Isla de Aves
Isla de Aves from space, 2001
Isla de Aves is located in Caribbean
Isla de Aves
Isla de Aves
Location in the Caribbean
LocationCaribbean Sea
Coordinates15°40′18″N 63°36′59″W / 15.67167°N 63.61639°W / 15.67167; -63.61639
Length376 m (1234 ft)
Width50 m (160 ft)
Highest elevation4 m (13 ft)
Federal Dependencies of Venezuela

Isla de Aves ([ˈisla ðe ˈaβes]; Spanish for "Island of Birds" or "Birds Island"), or Aves Island, is a Federal Dependency of Venezuela. It has been the subject of numerous territorial disputes (now resolved) with the United States (through the Guano Islands Act of 1856), neighboring independent islands, such as Dominica, and European states controlling the surrounding dependent islands, such as the Netherlands and the United Kingdom.

It is a part of the Aves Ridge and lies to the west of the Windward Islands chain at 15°40′18″N 63°36′59″W / 15.67167°N 63.61639°W / 15.67167; -63.61639. It is 375 metres (1,230 ft) in length and never more than 50 metres (160 ft) in width, and rises 4 metres (13 ft) above the sea on a calm day. Depending on one's interpretation of the United Nations Convention on the Law of the Sea, it could be legally classified as a "rock", which would only give Venezuela a twelve nautical mile economic zone. However, Venezuela claims it is a normal island, which grants it a 200-nautical-mile (370 km) exclusive economic zone.[1] Mostly sand, a small portion has some scrubby vegetation. It is sometimes completely submerged during hurricanes. It is 185 kilometres (115 mi) southwest of the closest land, Montserrat, 225 kilometres (140 mi) west of Dominica and 547 kilometres (340 mi) north of the Venezuelan mainland.[2][3][4]

Impact of hurricanes

For some time the island has been in danger of eroding altogether, and Venezuelan authorities are considering ways to protect it, along with the territorial claims to the Caribbean Sea which radiate from Isla de Aves. The impact of Hurricane Allen in the 1980 Atlantic hurricane season divided it into two parts, but accretions of coral have subsequently reunited it. On August 17, 2007, the force of Hurricane Dean severely eroded the island.


The island is a resting and breeding place for seabirds and the green sea turtle (Chelonia mydas). Its low profile makes it a hazard to navigation, and many ships have been wrecked here.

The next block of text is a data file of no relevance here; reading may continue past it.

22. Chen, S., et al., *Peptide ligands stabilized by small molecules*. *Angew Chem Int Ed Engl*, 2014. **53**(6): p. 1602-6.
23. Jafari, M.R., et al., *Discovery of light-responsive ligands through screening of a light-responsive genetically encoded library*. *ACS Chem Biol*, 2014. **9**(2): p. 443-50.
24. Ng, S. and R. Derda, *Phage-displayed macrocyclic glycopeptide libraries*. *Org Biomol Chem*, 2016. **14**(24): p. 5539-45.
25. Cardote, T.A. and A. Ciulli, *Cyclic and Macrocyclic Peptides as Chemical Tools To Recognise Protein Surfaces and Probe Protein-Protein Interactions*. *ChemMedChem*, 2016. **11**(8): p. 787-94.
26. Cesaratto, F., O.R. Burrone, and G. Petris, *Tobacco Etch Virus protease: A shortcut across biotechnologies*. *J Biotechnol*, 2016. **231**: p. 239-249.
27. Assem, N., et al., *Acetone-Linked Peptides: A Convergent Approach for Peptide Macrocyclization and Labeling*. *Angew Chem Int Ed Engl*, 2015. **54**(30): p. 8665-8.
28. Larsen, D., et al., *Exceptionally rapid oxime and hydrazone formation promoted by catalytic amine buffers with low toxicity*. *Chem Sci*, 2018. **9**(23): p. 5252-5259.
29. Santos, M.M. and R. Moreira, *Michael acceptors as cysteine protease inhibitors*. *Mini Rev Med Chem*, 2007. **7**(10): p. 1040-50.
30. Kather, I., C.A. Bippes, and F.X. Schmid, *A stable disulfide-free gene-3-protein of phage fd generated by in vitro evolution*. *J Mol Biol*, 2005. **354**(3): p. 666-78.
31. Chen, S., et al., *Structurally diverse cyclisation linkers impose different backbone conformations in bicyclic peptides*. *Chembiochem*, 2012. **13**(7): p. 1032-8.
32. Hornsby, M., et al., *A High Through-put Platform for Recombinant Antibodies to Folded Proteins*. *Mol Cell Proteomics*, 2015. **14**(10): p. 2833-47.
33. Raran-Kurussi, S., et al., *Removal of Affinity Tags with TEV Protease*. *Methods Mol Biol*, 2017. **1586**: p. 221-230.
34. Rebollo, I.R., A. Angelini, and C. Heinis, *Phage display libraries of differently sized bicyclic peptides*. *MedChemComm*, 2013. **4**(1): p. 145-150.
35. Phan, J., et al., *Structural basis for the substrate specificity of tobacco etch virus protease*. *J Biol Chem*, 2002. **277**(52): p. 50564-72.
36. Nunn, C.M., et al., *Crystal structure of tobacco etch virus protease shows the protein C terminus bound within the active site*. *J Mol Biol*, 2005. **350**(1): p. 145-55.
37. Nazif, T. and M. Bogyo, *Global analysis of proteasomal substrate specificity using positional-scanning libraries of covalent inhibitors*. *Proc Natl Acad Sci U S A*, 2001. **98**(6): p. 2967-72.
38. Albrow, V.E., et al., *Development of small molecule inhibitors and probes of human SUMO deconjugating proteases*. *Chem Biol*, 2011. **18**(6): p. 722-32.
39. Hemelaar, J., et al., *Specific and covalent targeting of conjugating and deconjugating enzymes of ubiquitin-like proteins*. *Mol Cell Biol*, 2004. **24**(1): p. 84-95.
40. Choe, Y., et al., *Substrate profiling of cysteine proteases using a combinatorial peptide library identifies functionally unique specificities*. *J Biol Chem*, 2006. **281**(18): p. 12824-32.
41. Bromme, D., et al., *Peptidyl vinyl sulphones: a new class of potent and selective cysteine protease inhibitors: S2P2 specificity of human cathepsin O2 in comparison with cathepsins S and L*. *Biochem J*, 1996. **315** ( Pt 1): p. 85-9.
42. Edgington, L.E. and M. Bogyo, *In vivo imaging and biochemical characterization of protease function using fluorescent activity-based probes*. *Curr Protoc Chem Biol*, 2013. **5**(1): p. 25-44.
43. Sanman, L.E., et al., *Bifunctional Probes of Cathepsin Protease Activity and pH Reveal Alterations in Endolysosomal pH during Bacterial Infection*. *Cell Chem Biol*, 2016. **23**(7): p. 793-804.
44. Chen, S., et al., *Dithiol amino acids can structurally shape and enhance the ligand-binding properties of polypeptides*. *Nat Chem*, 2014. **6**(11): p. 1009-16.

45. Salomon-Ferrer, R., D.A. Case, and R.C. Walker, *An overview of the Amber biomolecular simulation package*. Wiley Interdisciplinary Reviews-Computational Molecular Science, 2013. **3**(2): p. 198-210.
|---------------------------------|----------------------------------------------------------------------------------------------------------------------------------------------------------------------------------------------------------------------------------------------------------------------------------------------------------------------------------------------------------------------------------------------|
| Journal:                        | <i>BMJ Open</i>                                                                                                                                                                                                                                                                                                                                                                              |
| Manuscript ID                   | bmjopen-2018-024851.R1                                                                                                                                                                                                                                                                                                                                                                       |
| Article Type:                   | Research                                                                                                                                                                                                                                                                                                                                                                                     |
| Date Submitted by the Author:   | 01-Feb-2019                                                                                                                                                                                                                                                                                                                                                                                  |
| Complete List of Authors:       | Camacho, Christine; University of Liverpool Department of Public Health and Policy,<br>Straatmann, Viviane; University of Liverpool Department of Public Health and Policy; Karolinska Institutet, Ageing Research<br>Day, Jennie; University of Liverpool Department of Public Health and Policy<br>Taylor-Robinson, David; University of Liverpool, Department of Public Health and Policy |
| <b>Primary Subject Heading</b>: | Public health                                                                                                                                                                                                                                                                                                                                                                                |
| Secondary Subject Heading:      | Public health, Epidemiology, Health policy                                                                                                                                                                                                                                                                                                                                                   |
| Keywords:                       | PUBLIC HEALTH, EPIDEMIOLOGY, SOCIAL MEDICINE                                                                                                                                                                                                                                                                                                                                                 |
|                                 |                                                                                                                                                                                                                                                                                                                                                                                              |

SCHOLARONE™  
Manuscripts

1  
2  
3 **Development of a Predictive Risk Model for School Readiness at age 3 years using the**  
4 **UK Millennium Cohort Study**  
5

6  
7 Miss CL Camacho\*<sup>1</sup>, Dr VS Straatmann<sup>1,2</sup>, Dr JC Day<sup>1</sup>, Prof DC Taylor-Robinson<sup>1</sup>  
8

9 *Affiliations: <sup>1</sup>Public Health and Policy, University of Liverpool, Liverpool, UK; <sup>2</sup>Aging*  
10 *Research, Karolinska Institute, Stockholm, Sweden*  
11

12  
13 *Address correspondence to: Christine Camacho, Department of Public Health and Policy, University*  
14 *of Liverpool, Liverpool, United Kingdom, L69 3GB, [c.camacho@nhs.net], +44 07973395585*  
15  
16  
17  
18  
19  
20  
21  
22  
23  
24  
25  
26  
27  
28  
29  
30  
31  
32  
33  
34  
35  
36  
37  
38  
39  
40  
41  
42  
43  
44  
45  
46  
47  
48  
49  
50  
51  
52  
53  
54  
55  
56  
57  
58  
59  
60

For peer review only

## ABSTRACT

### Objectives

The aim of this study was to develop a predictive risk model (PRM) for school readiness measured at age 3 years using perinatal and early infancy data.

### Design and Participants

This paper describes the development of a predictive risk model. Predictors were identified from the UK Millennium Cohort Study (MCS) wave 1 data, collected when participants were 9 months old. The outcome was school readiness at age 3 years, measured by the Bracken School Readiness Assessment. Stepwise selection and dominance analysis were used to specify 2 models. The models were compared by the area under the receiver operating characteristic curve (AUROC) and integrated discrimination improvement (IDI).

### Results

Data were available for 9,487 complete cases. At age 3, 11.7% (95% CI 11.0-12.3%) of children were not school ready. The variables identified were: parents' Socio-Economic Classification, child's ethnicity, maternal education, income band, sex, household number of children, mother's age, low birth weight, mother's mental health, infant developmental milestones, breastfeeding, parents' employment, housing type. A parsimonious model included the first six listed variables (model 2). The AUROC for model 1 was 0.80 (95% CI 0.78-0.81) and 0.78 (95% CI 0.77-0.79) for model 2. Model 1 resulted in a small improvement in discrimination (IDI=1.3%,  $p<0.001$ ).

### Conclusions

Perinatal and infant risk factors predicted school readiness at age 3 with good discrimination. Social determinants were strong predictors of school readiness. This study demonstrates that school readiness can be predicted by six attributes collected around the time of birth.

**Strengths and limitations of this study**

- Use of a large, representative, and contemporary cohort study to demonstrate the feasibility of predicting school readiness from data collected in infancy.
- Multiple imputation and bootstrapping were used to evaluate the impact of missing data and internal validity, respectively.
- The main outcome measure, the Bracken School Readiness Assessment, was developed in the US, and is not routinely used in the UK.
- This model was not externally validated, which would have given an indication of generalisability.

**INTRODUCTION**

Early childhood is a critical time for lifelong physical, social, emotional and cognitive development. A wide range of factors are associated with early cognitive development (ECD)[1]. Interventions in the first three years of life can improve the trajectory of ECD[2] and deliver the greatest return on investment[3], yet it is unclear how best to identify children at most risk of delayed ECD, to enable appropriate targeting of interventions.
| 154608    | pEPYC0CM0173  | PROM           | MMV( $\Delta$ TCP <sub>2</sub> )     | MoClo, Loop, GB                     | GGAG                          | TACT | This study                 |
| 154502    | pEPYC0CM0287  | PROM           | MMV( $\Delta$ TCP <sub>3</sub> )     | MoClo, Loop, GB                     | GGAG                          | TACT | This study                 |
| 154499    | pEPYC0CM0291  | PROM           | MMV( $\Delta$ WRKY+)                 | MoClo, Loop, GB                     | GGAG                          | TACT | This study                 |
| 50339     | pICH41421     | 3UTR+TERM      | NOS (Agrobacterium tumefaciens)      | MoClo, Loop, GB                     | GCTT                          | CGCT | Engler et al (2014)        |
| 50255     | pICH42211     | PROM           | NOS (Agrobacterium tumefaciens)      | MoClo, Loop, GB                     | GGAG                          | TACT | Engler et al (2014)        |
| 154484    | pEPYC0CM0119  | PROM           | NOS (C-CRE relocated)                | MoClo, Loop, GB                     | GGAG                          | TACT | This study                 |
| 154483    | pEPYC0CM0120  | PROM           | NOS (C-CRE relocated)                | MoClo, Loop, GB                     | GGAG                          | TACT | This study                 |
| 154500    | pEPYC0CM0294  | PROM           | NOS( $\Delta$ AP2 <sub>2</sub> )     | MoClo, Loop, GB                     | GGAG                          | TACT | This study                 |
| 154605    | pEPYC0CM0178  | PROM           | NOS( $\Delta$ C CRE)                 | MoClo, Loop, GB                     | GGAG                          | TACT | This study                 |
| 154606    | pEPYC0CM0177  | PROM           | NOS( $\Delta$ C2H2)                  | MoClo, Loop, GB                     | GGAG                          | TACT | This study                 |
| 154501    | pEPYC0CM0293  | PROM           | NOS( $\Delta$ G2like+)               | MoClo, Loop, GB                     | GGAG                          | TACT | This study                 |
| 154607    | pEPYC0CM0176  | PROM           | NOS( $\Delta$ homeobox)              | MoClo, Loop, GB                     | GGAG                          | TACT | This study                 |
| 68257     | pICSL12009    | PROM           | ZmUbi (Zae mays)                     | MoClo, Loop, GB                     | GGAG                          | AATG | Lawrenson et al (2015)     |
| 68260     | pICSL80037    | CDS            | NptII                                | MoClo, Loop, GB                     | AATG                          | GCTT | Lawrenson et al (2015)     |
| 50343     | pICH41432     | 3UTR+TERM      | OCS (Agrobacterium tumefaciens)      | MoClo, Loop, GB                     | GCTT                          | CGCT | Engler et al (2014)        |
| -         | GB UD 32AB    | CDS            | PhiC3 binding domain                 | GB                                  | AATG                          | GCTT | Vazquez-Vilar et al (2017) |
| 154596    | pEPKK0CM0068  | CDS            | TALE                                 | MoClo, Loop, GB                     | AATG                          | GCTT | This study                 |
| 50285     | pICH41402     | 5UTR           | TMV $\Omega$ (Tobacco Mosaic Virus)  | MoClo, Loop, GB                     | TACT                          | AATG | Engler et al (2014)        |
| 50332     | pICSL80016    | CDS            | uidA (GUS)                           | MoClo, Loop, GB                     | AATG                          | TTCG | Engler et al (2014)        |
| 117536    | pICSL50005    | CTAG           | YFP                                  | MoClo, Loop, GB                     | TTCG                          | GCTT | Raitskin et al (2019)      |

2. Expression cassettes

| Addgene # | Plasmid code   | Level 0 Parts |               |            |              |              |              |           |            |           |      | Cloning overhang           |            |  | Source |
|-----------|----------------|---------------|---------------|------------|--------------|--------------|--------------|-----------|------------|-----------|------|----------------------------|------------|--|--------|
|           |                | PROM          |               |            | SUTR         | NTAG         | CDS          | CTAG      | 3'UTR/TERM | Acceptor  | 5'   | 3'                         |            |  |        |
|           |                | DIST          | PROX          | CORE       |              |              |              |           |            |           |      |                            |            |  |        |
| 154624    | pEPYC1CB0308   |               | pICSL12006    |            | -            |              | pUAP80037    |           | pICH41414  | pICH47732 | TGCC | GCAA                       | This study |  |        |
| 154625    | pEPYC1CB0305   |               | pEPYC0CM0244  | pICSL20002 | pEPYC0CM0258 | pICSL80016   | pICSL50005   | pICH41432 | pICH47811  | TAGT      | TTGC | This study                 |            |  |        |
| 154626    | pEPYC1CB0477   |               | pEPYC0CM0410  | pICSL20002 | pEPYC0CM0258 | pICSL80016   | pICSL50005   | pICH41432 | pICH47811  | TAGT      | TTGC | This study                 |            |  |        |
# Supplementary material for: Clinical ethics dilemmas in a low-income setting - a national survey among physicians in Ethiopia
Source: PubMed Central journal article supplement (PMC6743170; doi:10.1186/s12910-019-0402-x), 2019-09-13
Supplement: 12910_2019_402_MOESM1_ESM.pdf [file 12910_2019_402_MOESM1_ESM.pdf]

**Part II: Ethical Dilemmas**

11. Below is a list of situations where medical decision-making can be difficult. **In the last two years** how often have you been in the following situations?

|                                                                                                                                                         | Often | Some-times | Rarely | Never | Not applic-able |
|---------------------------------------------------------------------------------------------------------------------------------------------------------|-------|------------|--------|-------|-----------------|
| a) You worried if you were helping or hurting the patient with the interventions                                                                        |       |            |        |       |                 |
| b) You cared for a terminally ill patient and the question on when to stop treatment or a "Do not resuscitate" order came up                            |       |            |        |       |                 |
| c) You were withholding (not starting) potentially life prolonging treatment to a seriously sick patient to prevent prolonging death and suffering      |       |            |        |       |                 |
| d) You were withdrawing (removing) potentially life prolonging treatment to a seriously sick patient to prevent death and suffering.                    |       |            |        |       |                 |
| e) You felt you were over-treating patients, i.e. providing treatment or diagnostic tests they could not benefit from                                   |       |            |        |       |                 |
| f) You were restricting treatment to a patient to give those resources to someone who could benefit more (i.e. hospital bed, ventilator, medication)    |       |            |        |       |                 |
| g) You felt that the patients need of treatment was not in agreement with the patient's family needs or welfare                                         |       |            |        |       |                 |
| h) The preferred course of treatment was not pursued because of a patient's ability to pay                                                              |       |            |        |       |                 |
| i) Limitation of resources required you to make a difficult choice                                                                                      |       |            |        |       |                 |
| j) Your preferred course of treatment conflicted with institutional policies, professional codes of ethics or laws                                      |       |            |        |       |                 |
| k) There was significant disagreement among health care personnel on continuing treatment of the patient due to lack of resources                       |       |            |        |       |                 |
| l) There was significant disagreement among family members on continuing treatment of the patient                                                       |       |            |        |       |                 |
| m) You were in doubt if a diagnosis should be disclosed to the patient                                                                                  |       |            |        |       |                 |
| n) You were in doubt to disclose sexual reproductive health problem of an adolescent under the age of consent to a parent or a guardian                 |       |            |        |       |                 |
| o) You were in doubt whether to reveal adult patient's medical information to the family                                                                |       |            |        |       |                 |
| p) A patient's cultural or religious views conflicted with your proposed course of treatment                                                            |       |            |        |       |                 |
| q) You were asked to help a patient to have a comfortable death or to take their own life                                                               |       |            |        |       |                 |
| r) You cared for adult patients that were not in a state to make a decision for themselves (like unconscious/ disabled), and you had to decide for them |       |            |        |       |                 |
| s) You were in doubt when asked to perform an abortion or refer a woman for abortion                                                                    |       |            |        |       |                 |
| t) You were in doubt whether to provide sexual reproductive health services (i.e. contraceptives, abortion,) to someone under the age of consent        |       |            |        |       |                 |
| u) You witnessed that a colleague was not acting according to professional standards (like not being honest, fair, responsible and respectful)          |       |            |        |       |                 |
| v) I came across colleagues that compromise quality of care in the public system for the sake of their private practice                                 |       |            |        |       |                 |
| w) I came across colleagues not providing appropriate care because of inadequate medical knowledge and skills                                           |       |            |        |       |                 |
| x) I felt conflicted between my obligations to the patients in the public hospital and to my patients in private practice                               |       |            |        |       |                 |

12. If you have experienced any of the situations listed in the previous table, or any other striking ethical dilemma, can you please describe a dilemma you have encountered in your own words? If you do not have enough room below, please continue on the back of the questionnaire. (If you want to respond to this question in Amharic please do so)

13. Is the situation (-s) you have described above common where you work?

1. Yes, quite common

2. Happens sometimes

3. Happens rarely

Amateur radio "entity"

Aves Island is a particularly rare amateur radio "entity", under the ITU prefix YV0. A 2006 expedition by operators to the island required 14 years of planning.[citation needed] Though one member suffered a fatal heart attack, over 42,000 contacts were made during their week-long stay.[5]


Isla de Aves was included in Venezuela's territorial reorganization done by President Joaquín Crespo in 1895.

The island was most likely discovered by Avaro Sanzze in 1584, though it was not settled. It was subsequently claimed for Great Britain, Spain, Portugal and the Netherlands. Throughout the 17th, 18th and 19th centuries, the inhabitants of the Dutch islands Saint Eustatius and Saba regularly visited Aves to collect turtle and bird eggs.[6]

In 1854, a U.S. captain discovered the abundant quantities of guano on Aves and systematic collection started not long after. Both the Dutch and Venezuelan authorities found out and protested. The Dutch sent a warship to Aves. Its captain found Americans loading guano. He informed them that the Dutch considered Aves to belong to the Netherlands.

The island was once again involved in controversy in 1857 when three Boston men, "Mesers Shelton, Samson and Tappan", were in a dispute with the Venezuelan government after they "annexed" the island "which they had discovered in an abandoned condition"; this was done in accordance with the recently passed United States Guano Islands Act.[7]